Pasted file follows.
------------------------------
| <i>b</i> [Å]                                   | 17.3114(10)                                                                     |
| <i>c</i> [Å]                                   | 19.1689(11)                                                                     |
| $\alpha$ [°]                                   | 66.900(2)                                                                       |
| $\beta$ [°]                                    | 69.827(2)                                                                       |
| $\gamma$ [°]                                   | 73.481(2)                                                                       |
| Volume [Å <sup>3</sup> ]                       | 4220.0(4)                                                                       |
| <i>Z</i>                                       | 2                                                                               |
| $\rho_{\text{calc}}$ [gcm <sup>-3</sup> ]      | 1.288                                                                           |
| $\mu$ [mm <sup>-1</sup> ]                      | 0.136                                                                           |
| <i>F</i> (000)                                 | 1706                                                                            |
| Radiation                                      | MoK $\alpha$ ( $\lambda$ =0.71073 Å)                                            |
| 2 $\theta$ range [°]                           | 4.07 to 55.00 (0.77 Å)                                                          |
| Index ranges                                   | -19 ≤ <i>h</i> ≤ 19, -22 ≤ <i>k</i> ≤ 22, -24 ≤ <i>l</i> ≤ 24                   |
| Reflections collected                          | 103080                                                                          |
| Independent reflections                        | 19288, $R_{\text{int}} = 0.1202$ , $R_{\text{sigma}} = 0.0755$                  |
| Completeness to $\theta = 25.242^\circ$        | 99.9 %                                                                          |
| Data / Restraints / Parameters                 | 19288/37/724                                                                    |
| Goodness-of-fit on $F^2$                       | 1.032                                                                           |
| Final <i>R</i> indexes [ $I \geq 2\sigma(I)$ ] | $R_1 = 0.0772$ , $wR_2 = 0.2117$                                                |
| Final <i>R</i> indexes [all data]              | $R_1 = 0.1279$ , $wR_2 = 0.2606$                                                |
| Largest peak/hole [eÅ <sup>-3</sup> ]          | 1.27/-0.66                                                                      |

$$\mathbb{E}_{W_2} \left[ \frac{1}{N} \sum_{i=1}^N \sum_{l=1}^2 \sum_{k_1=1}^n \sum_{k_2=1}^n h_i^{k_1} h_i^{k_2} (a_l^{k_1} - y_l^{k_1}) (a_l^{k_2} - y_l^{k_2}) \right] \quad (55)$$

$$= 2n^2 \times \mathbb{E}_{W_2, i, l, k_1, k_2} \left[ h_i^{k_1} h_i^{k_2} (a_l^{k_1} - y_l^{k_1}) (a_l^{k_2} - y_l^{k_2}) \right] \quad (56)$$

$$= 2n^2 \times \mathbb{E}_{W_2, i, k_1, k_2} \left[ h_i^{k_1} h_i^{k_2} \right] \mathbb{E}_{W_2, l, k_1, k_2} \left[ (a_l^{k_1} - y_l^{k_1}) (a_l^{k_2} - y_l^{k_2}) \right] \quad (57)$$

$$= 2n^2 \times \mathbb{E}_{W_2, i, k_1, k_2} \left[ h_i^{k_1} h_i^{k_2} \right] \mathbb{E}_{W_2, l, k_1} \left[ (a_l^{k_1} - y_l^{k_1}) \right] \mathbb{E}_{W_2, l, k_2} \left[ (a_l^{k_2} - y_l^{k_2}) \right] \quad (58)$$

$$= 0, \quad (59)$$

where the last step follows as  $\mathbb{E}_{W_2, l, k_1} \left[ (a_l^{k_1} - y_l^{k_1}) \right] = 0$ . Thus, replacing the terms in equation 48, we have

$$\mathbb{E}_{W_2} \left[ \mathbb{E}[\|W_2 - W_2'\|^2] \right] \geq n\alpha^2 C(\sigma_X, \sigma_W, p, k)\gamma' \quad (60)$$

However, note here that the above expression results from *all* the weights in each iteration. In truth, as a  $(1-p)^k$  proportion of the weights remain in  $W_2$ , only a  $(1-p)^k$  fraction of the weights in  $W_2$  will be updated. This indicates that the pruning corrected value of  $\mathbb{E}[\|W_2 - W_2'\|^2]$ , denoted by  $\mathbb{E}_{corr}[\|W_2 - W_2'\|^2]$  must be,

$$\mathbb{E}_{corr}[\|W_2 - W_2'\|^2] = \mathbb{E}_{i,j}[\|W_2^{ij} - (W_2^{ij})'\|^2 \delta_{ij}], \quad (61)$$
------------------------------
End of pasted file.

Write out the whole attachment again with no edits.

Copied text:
| <i>b</i> [Å]                                   | 17.3114(10)                                                                     |
| <i>c</i> [Å]                                   | 19.1689(11)                                                                     |
| $\alpha$ [°]                                   | 66.900(2)                                                                       |
| $\beta$ [°]                                    | 69.827(2)                                                                       |
| $\gamma$ [°]                                   | 73.481(2)                                                                       |
| Volume [Å <sup>3</sup> ]                       | 4220.0(4)                                                                       |
| <i>Z</i>                                       | 2                                                                               |
| $\rho_{\text{calc}}$ [gcm <sup>-3</sup> ]      | 1.288                                                                           |
| $\mu$ [mm <sup>-1</sup> ]                      | 0.136                                                                           |
| <i>F</i> (000)                                 | 1706                                                                            |
| Radiation                                      | MoK $\alpha$ ( $\lambda$ =0.71073 Å)                                            |
| 2 $\theta$ range [°]                           | 4.07 to 55.00 (0.77 Å)                                                          |
| Index ranges                                   | -19 ≤ <i>h</i> ≤ 19, -22 ≤ <i>k</i> ≤ 22, -24 ≤ <i>l</i> ≤ 24                   |
| Reflections collected                          | 103080                                                                          |
| Independent reflections                        | 19288, $R_{\text{int}} = 0.1202$ , $R_{\text{sigma}} = 0.0755$                  |
| Completeness to $\theta = 25.242^\circ$        | 99.9 %                                                                          |
| Data / Restraints / Parameters                 | 19288/37/724                                                                    |
| Goodness-of-fit on $F^2$                       | 1.032                                                                           |
| Final <i>R</i> indexes [ $I \geq 2\sigma(I)$ ] | $R_1 = 0.0772$ , $wR_2 = 0.2117$                                                |
| Final <i>R</i> indexes [all data]              | $R_1 = 0.1279$ , $wR_2 = 0.2606$                                                |
| Largest peak/hole [eÅ <sup>-3</sup> ]          | 1.27/-0.66                                                                      |

$$\mathbb{E}_{W_2} \left[ \frac{1}{N} \sum_{i=1}^N \sum_{l=1}^2 \sum_{k_1=1}^n \sum_{k_2=1}^n h_i^{k_1} h_i^{k_2} (a_l^{k_1} - y_l^{k_1}) (a_l^{k_2} - y_l^{k_2}) \right] \quad (55)$$

$$= 2n^2 \times \mathbb{E}_{W_2, i, l, k_1, k_2} \left[ h_i^{k_1} h_i^{k_2} (a_l^{k_1} - y_l^{k_1}) (a_l^{k_2} - y_l^{k_2}) \right] \quad (56)$$

$$= 2n^2 \times \mathbb{E}_{W_2, i, k_1, k_2} \left[ h_i^{k_1} h_i^{k_2} \right] \mathbb{E}_{W_2, l, k_1, k_2} \left[ (a_l^{k_1} - y_l^{k_1}) (a_l^{k_2} - y_l^{k_2}) \right] \quad (57)$$

$$= 2n^2 \times \mathbb{E}_{W_2, i, k_1, k_2} \left[ h_i^{k_1} h_i^{k_2} \right] \mathbb{E}_{W_2, l, k_1} \left[ (a_l^{k_1} - y_l^{k_1}) \right] \mathbb{E}_{W_2, l, k_2} \left[ (a_l^{k_2} - y_l^{k_2}) \right] \quad (58)$$

$$= 0, \quad (59)$$

where the last step follows as  $\mathbb{E}_{W_2, l, k_1} \left[ (a_l^{k_1} - y_l^{k_1}) \right] = 0$ . Thus, replacing the terms in equation 48, we have

$$\mathbb{E}_{W_2} \left[ \mathbb{E}[\|W_2 - W_2'\|^2] \right] \geq n\alpha^2 C(\sigma_X, \sigma_W, p, k)\gamma' \quad (60)$$

However, note here that the above expression results from *all* the weights in each iteration. In truth, as a  $(1-p)^k$  proportion of the weights remain in  $W_2$ , only a  $(1-p)^k$  fraction of the weights in  $W_2$  will be updated. This indicates that the pruning corrected value of  $\mathbb{E}[\|W_2 - W_2'\|^2]$ , denoted by  $\mathbb{E}_{corr}[\|W_2 - W_2'\|^2]$  must be,

$$\mathbb{E}_{corr}[\|W_2 - W_2'\|^2] = \mathbb{E}_{i,j}[\|W_2^{ij} - (W_2^{ij})'\|^2 \delta_{ij}], \quad (61)$$